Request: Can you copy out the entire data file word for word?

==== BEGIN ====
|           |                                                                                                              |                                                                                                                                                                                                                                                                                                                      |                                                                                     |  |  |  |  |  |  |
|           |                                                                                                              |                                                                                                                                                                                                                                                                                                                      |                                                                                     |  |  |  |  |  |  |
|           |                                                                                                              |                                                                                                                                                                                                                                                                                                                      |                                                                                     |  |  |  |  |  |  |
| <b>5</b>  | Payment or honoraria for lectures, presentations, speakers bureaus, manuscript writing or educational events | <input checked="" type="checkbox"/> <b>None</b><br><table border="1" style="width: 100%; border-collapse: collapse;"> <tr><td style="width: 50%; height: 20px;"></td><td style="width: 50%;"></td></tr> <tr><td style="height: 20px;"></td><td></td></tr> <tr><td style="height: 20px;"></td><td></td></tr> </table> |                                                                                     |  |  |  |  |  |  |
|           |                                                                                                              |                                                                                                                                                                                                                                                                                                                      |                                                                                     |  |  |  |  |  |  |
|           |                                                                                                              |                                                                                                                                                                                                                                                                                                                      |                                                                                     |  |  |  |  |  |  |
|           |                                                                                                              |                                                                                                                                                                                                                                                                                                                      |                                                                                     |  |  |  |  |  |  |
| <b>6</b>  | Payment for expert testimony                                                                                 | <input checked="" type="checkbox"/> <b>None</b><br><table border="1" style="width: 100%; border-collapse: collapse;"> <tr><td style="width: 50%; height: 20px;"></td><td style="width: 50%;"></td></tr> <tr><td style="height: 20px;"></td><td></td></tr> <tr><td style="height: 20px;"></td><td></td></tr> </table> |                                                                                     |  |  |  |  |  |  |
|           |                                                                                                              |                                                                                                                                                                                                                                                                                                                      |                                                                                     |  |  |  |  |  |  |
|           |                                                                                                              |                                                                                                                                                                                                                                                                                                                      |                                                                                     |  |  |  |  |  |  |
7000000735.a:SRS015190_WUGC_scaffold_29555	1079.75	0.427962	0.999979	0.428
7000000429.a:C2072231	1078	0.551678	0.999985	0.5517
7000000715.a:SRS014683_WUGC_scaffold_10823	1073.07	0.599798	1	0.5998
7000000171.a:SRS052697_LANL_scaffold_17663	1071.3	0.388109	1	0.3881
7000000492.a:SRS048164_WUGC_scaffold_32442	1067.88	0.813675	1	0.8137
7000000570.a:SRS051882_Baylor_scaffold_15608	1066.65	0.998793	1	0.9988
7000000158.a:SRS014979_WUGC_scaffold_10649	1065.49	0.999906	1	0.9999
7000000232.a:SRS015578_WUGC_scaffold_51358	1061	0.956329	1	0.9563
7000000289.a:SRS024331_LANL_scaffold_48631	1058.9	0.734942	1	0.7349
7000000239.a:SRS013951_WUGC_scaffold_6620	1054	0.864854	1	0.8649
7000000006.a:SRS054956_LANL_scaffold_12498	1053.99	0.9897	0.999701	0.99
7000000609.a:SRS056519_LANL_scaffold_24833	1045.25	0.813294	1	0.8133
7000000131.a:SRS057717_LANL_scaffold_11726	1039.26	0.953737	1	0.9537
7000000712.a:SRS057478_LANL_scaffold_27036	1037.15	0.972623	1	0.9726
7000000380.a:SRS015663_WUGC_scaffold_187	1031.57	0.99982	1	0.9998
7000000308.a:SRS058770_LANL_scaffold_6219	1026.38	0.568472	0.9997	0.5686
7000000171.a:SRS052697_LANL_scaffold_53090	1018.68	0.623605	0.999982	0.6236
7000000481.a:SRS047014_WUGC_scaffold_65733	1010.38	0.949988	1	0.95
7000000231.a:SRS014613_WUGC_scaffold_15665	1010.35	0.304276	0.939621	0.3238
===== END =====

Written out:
|           |                                                                                                              |                                                                                                                                                                                                                                                                                                                      |                                                                                     |  |  |  |  |  |  |
|           |                                                                                                              |                                                                                                                                                                                                                                                                                                                      |                                                                                     |  |  |  |  |  |  |
|           |                                                                                                              |                                                                                                                                                                                                                                                                                                                      |                                                                                     |  |  |  |  |  |  |
| <b>5</b>  | Payment or honoraria for lectures, presentations, speakers bureaus, manuscript writing or educational events | <input checked="" type="checkbox"/> <b>None</b><br><table border="1" style="width: 100%; border-collapse: collapse;"> <tr><td style="width: 50%; height: 20px;"></td><td style="width: 50%;"></td></tr> <tr><td style="height: 20px;"></td><td></td></tr> <tr><td style="height: 20px;"></td><td></td></tr> </table> |                                                                                     |  |  |  |  |  |  |
|           |                                                                                                              |                                                                                                                                                                                                                                                                                                                      |                                                                                     |  |  |  |  |  |  |
|           |                                                                                                              |                                                                                                                                                                                                                                                                                                                      |                                                                                     |  |  |  |  |  |  |
|           |                                                                                                              |                                                                                                                                                                                                                                                                                                                      |                                                                                     |  |  |  |  |  |  |
| <b>6</b>  | Payment for expert testimony                                                                                 | <input checked="" type="checkbox"/> <b>None</b><br><table border="1" style="width: 100%; border-collapse: collapse;"> <tr><td style="width: 50%; height: 20px;"></td><td style="width: 50%;"></td></tr> <tr><td style="height: 20px;"></td><td></td></tr> <tr><td style="height: 20px;"></td><td></td></tr> </table> |                                                                                     |  |  |  |  |  |  |
|           |                                                                                                              |                                                                                                                                                                                                                                                                                                                      |                                                                                     |  |  |  |  |  |  |
|           |                                                                                                              |                                                                                                                                                                                                                                                                                                                      |                                                                                     |  |  |  |  |  |  |
7000000735.a:SRS015190_WUGC_scaffold_29555	1079.75	0.427962	0.999979	0.428
7000000429.a:C2072231	1078	0.551678	0.999985	0.5517
7000000715.a:SRS014683_WUGC_scaffold_10823	1073.07	0.599798	1	0.5998
7000000171.a:SRS052697_LANL_scaffold_17663	1071.3	0.388109	1	0.3881
7000000492.a:SRS048164_WUGC_scaffold_32442	1067.88	0.813675	1	0.8137
7000000570.a:SRS051882_Baylor_scaffold_15608	1066.65	0.998793	1	0.9988
7000000158.a:SRS014979_WUGC_scaffold_10649	1065.49	0.999906	1	0.9999
7000000232.a:SRS015578_WUGC_scaffold_51358	1061	0.956329	1	0.9563
7000000289.a:SRS024331_LANL_scaffold_48631	1058.9	0.734942	1	0.7349
7000000239.a:SRS013951_WUGC_scaffold_6620	1054	0.864854	1	0.8649
7000000006.a:SRS054956_LANL_scaffold_12498	1053.99	0.9897	0.999701	0.99
7000000609.a:SRS056519_LANL_scaffold_24833	1045.25	0.813294	1	0.8133
7000000131.a:SRS057717_LANL_scaffold_11726	1039.26	0.953737	1	0.9537
7000000712.a:SRS057478_LANL_scaffold_27036	1037.15	0.972623	1	0.9726
7000000380.a:SRS015663_WUGC_scaffold_187	1031.57	0.99982	1	0.9998
7000000308.a:SRS058770_LANL_scaffold_6219	1026.38	0.568472	0.9997	0.5686
7000000171.a:SRS052697_LANL_scaffold_53090	1018.68	0.623605	0.999982	0.6236
7000000481.a:SRS047014_WUGC_scaffold_65733	1010.38	0.949988	1	0.95
7000000231.a:SRS014613_WUGC_scaffold_15665	1010.35	0.304276	0.939621	0.3238